Postal Worker Retires After Over 40 Years
Jul 01, 2016 09:22AM ● Published by Kelly Cannon
Lance McRae is retiring from being a clerk after over 40 years at the post office. —Steve Ford
By Kelly Cannon | email@example.com
After working for over 40 years, Lance McRae is getting ready to retire from the post office. McRae, who’s lived in Sandy since 1971, has worked as a window clerk for the post office since 1976 at the office on 700 East.
McRae started working at the post office when he was newly married at the age of 23. He believed it was a secure job where he could raise his family.
When McRae started at the post office, Sandy consisted of 10 routes and only one zip code. It has since grown into 40 routes and six zip codes.
“It’s grown quite a bit and there have been huge changes in 45 years,” McRae said. “It’s been a lot of fun working with the public. That’s been the best part.”
During that time, there were no computers at the post office. McRae said there were a variety of scales that had to be hand-operated along with 10-key adding machines in order to calculate the price of a letter. Because there was only one zip code and eight routes, sorting and delivering mail was relatively easy.
“It was very easy compared to now,” McRae said. “It’s quite a bit more complicated.”
As the city grew, so did the post office. A trailer had to eventually be added to the post office because there wasn’t enough room for all the mail and the workers.
“We had to sort the parcels outside in the parking lot and load up the jeeps,” McRae said.
Because of the advent of online shopping, McRae said the post office deals with many more packages and parcels than they do letters, though they still get a high volume of letters during the holiday season.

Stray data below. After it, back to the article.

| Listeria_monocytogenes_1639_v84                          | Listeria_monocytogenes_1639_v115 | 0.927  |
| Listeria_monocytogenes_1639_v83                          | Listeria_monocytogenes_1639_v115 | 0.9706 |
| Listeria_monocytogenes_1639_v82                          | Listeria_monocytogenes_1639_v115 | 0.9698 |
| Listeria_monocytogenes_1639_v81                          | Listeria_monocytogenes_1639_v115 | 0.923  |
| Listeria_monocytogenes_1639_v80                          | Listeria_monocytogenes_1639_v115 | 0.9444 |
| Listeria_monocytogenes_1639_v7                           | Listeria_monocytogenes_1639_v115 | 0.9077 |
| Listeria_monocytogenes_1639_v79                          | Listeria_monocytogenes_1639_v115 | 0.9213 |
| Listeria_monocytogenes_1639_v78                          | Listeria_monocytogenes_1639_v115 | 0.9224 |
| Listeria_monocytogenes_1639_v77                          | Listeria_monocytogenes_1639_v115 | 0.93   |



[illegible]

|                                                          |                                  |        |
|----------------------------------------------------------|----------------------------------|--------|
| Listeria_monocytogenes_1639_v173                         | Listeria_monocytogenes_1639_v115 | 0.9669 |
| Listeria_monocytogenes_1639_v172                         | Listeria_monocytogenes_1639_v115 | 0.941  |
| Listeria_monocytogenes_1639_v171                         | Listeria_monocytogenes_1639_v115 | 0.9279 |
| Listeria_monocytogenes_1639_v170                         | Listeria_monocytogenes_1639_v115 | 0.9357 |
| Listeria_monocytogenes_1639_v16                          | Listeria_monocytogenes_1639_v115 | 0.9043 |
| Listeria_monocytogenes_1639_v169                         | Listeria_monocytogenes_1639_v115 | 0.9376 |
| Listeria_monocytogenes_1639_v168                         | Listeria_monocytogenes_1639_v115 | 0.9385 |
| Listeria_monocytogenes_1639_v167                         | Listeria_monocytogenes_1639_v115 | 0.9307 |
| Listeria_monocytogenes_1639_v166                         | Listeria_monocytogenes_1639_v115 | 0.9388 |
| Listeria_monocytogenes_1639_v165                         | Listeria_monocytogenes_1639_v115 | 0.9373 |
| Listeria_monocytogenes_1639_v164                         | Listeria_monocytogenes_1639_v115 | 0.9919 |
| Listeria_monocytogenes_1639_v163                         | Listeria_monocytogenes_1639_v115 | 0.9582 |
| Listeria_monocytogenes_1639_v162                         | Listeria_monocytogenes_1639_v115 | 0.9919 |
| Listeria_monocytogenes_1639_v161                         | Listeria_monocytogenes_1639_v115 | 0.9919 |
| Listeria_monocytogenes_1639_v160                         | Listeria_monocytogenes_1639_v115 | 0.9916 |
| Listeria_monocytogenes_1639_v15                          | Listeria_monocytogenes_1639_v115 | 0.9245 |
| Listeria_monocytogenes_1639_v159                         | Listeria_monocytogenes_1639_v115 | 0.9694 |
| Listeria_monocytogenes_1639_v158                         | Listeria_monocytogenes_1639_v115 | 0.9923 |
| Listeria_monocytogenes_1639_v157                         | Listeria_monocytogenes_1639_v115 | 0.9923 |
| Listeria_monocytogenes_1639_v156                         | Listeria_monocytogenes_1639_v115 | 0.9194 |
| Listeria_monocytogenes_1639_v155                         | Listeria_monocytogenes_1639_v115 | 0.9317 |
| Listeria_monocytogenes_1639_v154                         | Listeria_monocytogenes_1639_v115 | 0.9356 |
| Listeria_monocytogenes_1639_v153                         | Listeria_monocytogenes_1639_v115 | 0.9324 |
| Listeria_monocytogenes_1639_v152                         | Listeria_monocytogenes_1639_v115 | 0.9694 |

McRae said teenagers will come into the post office without any idea how to send a letter or a package.
“They haven’t the foggiest idea, literally no idea how to mail something,” he said. “They don’t even know where to put the stamp.”
Just like at the post office, McRae and his wife Rachelle have seen many changes to Sandy City over the course of their 45-year marriage. Rachelle explained there were no restaurants in Sandy and only two grocery stores. There weren’t many houses in Sandy and they could see the foothills from their home. However, they were able to experience a community forming around them.
“Sandy people are the salt of the Earth,” Rachelle said. “A smile will win their hearts.”
Rachelle and Lance raised six kids in Sandy and the neighborhood families also had a lot of kids.
“Everyone would come together and help each other. There was always a hoard of kids running around,” Rachelle said. “Now we’re part of the aging community and the second generation of young families are moving in.”
McRae said he is really going to miss working with the public. He said there are customers who are willing to wait 20 minutes in order to work with him as opposed to other clerks.
“I treat people with love. I treat them how they would like to be treated,” McRae said. “I try to understand their problems.”
McRae’s last day will be on August 1. After that, he and Rachelle plan on spending more time with their six children and soon to be 17 grandchildren. McRae is planning a camping trip with his grandsons before one of his grandson goes to serve a mission for the Church of Jesus Christ of Latter-day Saints. He also plans on learning Spanish, fishing, hunting and learning the guitar. He’s also going to continue with his hobby of researching family history.
“I’m going to do exactly what I want to do,” McRae said.
McRae said he’s been grateful for his career at the post office. Looking back over the thousands of people he’s helped, he can only recall about a dozen of negative experiences. The rest have been wonderful.
“It’s been a really fulfilling experience because I chose to make it that way. I’m going to miss the public but I’ve reach that point where you want to relax,” McRae said. “I’m going to be grateful to be the one waiting in line.” λ